My Take on Phaser after 30 Days

Eren Akbulut
3 min readFeb 7, 2021

Hello everyone, today I’ll quickly summarize my take on Phaser after around 30 days of training. I already published my reasons for picking Phaser in the first place earlier today I’ll share what I think after 1st month.

What is Phaser?

Phaser is an open-source HTML5 game framework that allows you to create WebGL or canvas-based games. Basically, you can make mobile or browser-based games with Phaser. It’s been developed by one person and widely supported by the community. Phaser is the most popular framework compare to other frameworks that do the same job with it.

Developer Experience

I’m using VS Code to develop stuff with Phaser and my developer experience was quite alright so far. I can summarize that result under several reasons that I find the most important.

  • I’m using JavaScript for all my personal projects and I tend to use it for professional work also. For me, the developer ecosystem that Phaser provides can be unmatched. Phaser’s documentation is one of the best documentation I’ve ever seen and I’ve never experienced any problems while I’m trying to look for an answer about the Phaser API or anything that is related to Phaser.
  • Easy debugging. I’m currently learning the framework and maybe it’s too early to talk about debugging but I wasn’t expecting anything from the Phaser on the debugging side, to be honest, I mean don’t get me wrong from my understanding it’s nowhere near to a modern game engine but it’s quite alright for such a framework.
  • Community. Again, even though the community isn’t as big as the mainstream game engine’s communities, I can describe the Phaser community as one passionate community that can help with lots of things quicker than I expected.

Limits of the Framework

I’ll keep that part super short. From my experience, I’ve never witnessed any limitations against the work I try to do, yet of course, my experience is quite limited and means nothing under the “limits of a framework” topic. Yet as far as I think since my expectations from Phaser often limited with the use of its Arcade Physics for a 2d platformer game I won’t be experiencing huge problems in general.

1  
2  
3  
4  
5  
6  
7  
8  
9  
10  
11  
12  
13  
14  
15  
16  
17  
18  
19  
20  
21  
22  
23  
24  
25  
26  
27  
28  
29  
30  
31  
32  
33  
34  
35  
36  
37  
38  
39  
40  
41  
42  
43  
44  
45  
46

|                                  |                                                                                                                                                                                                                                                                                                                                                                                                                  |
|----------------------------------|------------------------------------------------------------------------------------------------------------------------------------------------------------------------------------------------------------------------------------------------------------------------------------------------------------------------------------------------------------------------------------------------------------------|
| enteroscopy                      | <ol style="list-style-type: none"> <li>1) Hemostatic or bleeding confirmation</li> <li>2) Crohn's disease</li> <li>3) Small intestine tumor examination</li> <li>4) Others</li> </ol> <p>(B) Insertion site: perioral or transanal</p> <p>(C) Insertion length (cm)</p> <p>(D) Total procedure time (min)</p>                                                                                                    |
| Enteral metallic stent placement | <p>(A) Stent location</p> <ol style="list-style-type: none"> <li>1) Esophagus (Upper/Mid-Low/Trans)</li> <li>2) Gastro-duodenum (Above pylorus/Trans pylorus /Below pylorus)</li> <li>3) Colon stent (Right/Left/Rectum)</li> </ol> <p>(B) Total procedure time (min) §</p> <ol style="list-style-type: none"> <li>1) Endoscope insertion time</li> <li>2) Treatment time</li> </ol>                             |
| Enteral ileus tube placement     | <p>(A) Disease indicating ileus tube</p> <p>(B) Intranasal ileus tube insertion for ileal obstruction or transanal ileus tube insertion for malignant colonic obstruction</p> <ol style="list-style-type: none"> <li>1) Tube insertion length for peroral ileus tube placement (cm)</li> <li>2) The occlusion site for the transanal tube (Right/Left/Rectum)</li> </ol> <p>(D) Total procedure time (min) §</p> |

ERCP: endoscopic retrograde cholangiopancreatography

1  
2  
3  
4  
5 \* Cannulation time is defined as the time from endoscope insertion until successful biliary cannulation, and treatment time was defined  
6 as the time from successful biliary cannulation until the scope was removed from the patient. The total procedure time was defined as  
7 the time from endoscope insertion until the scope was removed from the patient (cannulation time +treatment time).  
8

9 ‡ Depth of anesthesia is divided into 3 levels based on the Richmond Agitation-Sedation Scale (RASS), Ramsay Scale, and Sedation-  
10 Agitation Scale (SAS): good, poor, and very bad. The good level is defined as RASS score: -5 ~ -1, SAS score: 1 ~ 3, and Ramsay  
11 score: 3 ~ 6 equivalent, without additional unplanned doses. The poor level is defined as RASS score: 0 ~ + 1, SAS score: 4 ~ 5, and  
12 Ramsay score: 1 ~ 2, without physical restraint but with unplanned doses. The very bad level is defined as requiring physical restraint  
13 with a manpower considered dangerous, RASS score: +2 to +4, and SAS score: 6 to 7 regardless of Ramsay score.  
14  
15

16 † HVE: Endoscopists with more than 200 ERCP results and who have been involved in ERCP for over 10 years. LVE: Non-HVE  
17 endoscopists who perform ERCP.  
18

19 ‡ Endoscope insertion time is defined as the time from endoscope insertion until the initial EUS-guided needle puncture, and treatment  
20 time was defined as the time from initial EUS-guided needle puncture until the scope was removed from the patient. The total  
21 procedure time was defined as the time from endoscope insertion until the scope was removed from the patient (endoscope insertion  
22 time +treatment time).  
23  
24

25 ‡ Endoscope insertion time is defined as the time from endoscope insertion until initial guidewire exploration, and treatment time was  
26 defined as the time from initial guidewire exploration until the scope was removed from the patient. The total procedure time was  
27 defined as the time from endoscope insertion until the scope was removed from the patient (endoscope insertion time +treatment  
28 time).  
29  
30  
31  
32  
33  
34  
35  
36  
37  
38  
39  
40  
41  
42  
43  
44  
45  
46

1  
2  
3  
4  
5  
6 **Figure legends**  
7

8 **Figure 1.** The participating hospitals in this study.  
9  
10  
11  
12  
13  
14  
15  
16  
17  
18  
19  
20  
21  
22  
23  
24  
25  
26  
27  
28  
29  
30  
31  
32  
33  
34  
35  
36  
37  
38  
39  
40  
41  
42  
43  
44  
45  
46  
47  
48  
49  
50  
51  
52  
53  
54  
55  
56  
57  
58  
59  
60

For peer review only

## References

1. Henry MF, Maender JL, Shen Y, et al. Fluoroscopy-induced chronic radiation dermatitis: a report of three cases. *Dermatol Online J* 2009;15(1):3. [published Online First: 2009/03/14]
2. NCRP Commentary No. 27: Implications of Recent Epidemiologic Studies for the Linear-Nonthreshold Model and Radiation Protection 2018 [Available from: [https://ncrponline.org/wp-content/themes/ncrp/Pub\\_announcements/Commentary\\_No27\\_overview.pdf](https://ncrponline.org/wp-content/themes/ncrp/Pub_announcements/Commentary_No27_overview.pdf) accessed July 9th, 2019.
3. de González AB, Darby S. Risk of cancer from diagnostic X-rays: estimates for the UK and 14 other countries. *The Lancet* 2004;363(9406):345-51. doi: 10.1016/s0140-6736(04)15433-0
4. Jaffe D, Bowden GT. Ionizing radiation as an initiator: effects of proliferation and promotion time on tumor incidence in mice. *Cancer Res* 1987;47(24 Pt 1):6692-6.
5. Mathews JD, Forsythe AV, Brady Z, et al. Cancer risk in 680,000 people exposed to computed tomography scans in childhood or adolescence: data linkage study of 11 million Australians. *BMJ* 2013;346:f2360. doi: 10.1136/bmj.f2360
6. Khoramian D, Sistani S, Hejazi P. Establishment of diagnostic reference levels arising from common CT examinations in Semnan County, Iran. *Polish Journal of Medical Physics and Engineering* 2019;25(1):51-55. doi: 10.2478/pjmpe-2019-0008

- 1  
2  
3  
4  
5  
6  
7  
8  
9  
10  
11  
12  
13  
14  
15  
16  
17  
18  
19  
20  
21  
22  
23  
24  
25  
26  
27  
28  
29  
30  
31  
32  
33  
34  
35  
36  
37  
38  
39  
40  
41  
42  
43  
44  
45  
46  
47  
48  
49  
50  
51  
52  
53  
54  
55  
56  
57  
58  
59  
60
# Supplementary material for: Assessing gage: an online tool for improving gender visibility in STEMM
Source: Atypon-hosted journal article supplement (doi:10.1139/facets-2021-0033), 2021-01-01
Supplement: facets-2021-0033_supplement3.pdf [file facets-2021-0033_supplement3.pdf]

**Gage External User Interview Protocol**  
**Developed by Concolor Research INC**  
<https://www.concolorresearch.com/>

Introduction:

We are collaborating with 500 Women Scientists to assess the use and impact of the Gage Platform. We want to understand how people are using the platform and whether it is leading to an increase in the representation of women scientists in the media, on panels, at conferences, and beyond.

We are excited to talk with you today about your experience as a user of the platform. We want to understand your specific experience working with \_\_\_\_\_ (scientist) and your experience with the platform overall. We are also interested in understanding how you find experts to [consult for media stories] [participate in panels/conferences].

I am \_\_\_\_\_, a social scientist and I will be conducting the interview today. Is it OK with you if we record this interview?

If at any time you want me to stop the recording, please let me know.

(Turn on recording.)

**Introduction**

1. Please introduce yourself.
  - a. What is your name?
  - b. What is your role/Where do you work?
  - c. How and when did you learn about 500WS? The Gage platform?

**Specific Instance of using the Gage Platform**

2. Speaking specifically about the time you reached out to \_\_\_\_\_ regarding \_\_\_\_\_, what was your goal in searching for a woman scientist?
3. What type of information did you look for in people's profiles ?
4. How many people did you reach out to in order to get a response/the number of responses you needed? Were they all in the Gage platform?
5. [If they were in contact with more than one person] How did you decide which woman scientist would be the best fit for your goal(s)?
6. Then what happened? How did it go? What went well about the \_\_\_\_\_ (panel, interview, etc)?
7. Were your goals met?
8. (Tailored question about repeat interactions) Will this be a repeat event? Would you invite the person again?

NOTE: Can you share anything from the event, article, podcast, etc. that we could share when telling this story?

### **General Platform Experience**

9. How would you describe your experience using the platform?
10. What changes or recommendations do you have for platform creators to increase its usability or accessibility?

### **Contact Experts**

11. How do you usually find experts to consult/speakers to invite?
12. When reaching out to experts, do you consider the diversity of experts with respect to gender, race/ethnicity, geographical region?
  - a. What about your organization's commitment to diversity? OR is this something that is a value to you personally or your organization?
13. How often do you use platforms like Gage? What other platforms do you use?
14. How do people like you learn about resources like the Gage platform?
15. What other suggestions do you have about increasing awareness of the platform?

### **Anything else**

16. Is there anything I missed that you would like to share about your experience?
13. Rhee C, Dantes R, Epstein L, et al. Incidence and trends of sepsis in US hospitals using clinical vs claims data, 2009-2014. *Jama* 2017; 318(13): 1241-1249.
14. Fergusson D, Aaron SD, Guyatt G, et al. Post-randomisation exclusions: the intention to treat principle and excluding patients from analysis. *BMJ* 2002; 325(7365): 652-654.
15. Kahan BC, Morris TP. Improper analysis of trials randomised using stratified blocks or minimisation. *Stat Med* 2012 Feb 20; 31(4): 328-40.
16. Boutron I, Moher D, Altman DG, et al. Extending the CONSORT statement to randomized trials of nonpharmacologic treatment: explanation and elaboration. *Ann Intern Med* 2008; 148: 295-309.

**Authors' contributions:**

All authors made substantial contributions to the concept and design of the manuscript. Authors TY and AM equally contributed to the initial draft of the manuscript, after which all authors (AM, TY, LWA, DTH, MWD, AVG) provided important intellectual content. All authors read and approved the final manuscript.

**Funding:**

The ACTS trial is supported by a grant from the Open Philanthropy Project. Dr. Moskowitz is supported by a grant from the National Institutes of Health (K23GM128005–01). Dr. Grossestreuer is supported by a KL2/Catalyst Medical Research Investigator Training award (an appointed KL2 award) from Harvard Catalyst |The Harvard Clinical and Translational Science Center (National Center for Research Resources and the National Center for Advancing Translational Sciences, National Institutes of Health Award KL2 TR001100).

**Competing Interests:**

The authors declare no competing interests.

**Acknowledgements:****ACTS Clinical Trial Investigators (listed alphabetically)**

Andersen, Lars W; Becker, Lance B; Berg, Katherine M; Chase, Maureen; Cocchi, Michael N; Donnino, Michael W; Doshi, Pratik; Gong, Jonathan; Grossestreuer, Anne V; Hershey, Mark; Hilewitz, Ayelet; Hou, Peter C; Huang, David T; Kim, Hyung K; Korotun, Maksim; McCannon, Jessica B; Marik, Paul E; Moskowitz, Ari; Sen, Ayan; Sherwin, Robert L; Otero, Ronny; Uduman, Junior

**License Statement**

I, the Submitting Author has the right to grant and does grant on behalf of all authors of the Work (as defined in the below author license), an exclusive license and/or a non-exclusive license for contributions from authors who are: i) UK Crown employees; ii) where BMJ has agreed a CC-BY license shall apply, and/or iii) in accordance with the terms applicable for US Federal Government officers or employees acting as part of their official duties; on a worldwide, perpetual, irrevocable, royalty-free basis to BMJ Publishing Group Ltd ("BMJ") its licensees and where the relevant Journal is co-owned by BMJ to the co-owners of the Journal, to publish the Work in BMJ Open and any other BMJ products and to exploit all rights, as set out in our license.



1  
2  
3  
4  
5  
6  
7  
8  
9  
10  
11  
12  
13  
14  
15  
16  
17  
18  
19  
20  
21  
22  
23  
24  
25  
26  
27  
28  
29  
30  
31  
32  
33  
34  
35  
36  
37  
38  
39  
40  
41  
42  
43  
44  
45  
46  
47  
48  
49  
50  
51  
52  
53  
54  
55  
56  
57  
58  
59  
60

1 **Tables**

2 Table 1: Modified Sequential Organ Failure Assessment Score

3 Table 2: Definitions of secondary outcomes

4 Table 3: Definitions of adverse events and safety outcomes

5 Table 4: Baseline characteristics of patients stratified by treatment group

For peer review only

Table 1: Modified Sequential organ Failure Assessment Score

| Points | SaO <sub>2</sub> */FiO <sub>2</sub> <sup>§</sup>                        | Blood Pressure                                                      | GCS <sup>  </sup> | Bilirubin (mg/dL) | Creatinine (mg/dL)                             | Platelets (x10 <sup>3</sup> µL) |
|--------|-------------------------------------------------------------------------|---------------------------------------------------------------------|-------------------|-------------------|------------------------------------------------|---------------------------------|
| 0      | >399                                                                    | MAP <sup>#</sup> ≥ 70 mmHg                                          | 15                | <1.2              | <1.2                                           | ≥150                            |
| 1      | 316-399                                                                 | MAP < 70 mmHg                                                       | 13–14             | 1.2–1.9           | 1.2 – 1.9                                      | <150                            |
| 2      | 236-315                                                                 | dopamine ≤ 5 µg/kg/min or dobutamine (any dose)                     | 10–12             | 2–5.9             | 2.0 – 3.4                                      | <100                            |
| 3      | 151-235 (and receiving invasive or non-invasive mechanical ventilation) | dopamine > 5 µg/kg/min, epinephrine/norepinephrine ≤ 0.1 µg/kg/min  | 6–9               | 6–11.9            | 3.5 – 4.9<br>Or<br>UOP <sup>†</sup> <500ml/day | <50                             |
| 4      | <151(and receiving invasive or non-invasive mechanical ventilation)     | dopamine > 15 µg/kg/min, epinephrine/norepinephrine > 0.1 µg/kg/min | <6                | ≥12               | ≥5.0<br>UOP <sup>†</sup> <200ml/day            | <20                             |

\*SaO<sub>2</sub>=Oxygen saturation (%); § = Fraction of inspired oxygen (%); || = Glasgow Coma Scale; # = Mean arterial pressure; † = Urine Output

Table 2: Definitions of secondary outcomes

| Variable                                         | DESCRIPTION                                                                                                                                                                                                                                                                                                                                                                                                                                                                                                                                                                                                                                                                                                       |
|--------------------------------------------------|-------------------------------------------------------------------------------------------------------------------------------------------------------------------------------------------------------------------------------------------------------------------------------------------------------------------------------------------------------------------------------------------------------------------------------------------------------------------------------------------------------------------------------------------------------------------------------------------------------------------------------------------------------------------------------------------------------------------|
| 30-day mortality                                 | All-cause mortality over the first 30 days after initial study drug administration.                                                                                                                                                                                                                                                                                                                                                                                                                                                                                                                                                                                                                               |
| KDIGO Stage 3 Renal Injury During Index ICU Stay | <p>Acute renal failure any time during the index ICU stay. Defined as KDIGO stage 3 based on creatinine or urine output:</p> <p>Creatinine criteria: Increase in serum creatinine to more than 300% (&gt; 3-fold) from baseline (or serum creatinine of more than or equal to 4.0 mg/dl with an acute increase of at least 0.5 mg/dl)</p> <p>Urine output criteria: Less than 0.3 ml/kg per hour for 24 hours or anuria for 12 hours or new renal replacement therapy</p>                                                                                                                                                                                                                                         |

But of course, the framework already comes with some limitations by supporting only a group of possible game options against the engines that can support all genres that are possible.

Knowledge Transfer

I think Phaser is a great teacher for the fundamentals of the game dev, I’m not a game developer and maybe I shouldn’t be the one who is saying that but recently I’m sparing lots of free time on researching about best practices in game dev world from gamers psychology to camera movement or from rewarding to lighting and so on and so forth.

Since when you work with Phaser all you do is basically writing code over and over again without nearly 0 helper tools you easily absorb those fundamentals whenever you try to work with any of them to any extend. I think the abstracted nature of modern game engines can cause a side effect to new learners at this point.

BTW, don’t get me wrong I still think it makes sense to use or learn Phaser if and only if you want to use JS so bad and you only want to make web-based games, for aaaalllll other scenarios any mainstream game engine would beat Phaser with a large margin. Unity, Unreal, Godot… You name it. All the things I mentioned above are only valid for my situation from my point of view.

Alright, everyone, that was it for today. I planned to write that post on the very first day that I started to work on Phaser and I can monthly update that part if I feel like to.

I hope to see you at the next one. Until then take care :)

Originally published at